John O'Keefe (right) and Gerald Schlabach (left)

Five Observations - 'Should Mission Trips Be Taken Off The Bucket List?'

Whether on VISION trips or service learning-based courses, countless Tommies have taken mission trips as part of their life experience. Thursday’s “Hot Topics, Cool Talks” from the Terrence J. Murphy Institute for Catholic Thought, Law and Public Policy was a fitting topic, then, as panelists Dr. John O’Keefe of Creighton University and Dr. Gerald Schlabach of St. Thomas discussed, “Should we take mission trips off the bucket list?”

Underlying tensions around the issue are wide-ranging, including questions of whether Americans seek these experiences are sought for superficial reasons, whether people in developing countries are exploited and whether aid legitimizes relying on a foreign entity.

O’Keefe, a professor of theology and the director of the Center for Catholic Thought and co-host of the podcast “Catholic Comments,” is involved in documentary filmmaking projects that explore the mission of the Catholic Church in the developing world. Schlabach, a professor of theology, former chair of the Department of Justice and Peace Studies, and winner of the 2012 Service-Learning Faculty Award, has led students on mission trips to San Lucas, Guatemala, for 18 years.

The pair discussed several elements of the value and dangers of mission trip experiences, especially for students. Here are five observations from their discussion.

The most important work takes place when you get back.

Working with his students in the mediums of photography and film, O’Keefe said he has grappled for years with the tension of whether subjects are exploited by their work even in the best instances of advocacy and attempting to help. He said students work for months ahead of trips in understanding their role as witnesses in the time they are there, and using their experiences to do more.

“The most important thing we tell them is that we’re not going to change the world. We really hope they’re going to be changed by the experience, and the rest of their life they can work for systematic change,” he said.

You shouldn’t be a chameleon and revert right back to your own culture.

In returning to their own community and daily life, mission trip workers in the United States need to have an awareness of not putting their experience “on the shelf.” As easy as it can be to get sucked “back into the vortex of American consumerism,” O’Keefe said, mission trips represent the potential for people to change the underlying way they view everything. To maintain that, he added, “you need to be in a community that calls you to account.”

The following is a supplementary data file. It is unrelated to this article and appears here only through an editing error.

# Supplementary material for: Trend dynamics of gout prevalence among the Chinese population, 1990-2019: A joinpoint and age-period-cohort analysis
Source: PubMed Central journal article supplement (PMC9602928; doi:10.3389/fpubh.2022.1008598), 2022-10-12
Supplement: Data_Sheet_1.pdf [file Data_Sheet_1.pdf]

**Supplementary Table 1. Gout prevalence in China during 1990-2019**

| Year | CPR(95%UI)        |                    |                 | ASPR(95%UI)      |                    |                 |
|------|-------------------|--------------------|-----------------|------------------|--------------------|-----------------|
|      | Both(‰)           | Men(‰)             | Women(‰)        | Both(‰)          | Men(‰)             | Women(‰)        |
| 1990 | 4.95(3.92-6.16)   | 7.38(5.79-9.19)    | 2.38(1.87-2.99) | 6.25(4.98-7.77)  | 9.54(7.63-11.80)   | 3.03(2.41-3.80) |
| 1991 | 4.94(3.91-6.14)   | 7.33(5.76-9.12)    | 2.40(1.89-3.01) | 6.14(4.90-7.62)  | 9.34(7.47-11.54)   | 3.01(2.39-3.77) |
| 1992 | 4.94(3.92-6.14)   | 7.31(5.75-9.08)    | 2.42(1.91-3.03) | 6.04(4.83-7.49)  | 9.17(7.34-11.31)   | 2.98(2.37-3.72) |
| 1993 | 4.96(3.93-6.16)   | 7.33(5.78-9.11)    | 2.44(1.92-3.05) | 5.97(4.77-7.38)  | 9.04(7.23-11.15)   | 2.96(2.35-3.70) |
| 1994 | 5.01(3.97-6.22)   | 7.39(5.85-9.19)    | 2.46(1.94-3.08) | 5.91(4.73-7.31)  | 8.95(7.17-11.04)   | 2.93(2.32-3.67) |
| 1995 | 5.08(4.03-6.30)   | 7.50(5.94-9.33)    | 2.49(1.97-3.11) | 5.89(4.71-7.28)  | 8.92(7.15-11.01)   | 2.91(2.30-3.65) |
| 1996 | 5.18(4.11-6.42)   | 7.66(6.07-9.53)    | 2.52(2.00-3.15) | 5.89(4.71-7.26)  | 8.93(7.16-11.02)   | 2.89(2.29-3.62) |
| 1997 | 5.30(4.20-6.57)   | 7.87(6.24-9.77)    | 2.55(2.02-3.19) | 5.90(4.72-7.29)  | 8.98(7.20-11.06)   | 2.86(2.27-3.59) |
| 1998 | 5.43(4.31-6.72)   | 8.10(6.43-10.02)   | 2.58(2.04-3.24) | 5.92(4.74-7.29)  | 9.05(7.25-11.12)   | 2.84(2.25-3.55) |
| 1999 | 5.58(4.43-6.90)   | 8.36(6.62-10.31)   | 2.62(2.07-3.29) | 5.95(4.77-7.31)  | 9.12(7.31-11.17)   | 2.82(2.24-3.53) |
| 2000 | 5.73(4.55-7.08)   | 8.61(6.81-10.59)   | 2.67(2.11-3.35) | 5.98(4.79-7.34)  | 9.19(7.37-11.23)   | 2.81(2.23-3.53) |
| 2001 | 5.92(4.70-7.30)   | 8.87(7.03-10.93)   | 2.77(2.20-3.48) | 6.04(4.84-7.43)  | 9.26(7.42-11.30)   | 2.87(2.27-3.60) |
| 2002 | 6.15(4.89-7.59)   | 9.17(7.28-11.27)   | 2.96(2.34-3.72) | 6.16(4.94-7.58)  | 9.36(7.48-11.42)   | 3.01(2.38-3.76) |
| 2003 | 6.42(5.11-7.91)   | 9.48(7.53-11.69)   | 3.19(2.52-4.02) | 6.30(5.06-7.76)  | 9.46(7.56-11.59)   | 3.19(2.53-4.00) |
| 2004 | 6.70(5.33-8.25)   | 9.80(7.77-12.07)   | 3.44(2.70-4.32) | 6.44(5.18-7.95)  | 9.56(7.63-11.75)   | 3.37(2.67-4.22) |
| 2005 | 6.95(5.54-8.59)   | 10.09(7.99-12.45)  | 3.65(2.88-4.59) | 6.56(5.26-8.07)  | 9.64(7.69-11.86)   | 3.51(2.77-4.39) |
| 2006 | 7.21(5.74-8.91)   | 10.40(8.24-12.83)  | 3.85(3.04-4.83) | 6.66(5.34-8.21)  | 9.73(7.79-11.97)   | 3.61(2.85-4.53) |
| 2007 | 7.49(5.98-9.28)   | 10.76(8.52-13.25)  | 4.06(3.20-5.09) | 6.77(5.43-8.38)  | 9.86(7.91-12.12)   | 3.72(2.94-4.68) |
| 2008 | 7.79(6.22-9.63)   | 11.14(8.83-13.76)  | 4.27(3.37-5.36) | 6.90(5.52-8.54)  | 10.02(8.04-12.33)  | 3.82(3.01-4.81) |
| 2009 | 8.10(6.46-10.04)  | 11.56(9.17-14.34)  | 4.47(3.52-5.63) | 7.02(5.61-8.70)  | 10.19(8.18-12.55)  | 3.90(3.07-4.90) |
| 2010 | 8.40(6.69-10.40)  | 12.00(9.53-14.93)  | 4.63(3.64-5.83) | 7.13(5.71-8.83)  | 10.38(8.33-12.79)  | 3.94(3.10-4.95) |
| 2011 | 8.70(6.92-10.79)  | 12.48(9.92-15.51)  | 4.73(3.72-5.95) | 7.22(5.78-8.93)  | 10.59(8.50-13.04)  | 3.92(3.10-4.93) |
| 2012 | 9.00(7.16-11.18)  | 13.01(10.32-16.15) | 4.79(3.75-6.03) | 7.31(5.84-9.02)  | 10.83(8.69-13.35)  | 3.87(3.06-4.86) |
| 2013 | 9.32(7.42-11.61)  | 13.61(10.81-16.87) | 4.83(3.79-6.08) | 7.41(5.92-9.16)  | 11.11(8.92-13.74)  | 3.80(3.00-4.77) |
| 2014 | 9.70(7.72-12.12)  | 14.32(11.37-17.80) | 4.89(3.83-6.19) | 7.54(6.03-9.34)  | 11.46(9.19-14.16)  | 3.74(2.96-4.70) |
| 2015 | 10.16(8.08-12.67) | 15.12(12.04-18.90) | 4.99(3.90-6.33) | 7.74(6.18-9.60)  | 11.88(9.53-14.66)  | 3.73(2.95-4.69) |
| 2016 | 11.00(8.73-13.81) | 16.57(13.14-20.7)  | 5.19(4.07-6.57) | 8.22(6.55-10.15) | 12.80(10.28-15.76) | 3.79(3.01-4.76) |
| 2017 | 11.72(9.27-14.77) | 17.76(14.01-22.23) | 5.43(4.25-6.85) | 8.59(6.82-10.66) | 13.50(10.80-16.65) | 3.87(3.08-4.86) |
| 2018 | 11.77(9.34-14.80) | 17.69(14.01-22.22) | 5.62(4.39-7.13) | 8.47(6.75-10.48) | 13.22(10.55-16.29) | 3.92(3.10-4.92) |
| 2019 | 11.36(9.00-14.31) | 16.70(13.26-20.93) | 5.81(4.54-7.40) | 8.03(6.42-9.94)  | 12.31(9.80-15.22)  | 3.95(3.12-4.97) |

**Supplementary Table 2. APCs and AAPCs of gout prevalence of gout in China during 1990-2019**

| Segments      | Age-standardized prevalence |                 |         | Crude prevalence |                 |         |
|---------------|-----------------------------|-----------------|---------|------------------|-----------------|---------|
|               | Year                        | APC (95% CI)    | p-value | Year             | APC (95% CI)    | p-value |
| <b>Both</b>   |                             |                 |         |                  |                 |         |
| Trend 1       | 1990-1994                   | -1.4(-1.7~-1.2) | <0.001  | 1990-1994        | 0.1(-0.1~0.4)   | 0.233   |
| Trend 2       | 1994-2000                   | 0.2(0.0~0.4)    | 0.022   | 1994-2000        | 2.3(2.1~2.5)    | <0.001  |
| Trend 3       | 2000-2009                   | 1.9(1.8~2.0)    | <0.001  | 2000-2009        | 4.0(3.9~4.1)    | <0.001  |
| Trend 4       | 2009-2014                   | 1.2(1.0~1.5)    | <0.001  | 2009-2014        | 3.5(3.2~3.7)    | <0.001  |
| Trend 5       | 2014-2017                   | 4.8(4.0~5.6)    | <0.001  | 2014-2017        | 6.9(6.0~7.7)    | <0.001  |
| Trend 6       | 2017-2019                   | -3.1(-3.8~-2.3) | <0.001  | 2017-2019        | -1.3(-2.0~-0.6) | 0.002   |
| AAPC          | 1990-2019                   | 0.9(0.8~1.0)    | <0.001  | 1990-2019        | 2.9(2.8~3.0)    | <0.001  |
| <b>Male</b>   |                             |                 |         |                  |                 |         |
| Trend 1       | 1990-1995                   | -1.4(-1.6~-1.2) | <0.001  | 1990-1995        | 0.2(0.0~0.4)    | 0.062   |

The impact of mission trips can come a lot closer to home than many realize.

An audience member prompted a discussion of whether students are more open to the impact of mission work when it comes in a foreign country versus the United States. O’Keefe acknowledged the unsustainability of flying all over the world to facilitate the impact of mission trips, especially when some of the poorest places in the Western hemisphere are in the United States. Students may be more open initially to the impact of trips in foreign countries, but “it has to do more with how you’re formed and an openness to seeing what’s there,” he said. That can come anywhere.

People shouldn’t go on mission trips to solve everything...

Schlabach has brought students to Guatemala for nearly two decades, and part of the message these is that they’re not going to solve huge, systemic problems in their time there. “We’re introducing students to the tensions, and at least trying to make them creative tensions. You’re dealing with some of the most complex questions on the globe; to think you would have an ultimate solution would be the cheekiest thing you could do,” he said.

People should go on mission trips with solidarity as the underlying goal.

Speaking to the question itself of whether mission trips belong on bucket lists, Schlabach drew a definitive line that they should not. “Mission trips don’t belong on bucket lists, but that’s because bucket-list mentalities are the problem. Mission trips can be a way to weave networks of solidarity and initiate young people into them, if solidarity itself is the mission,” he said.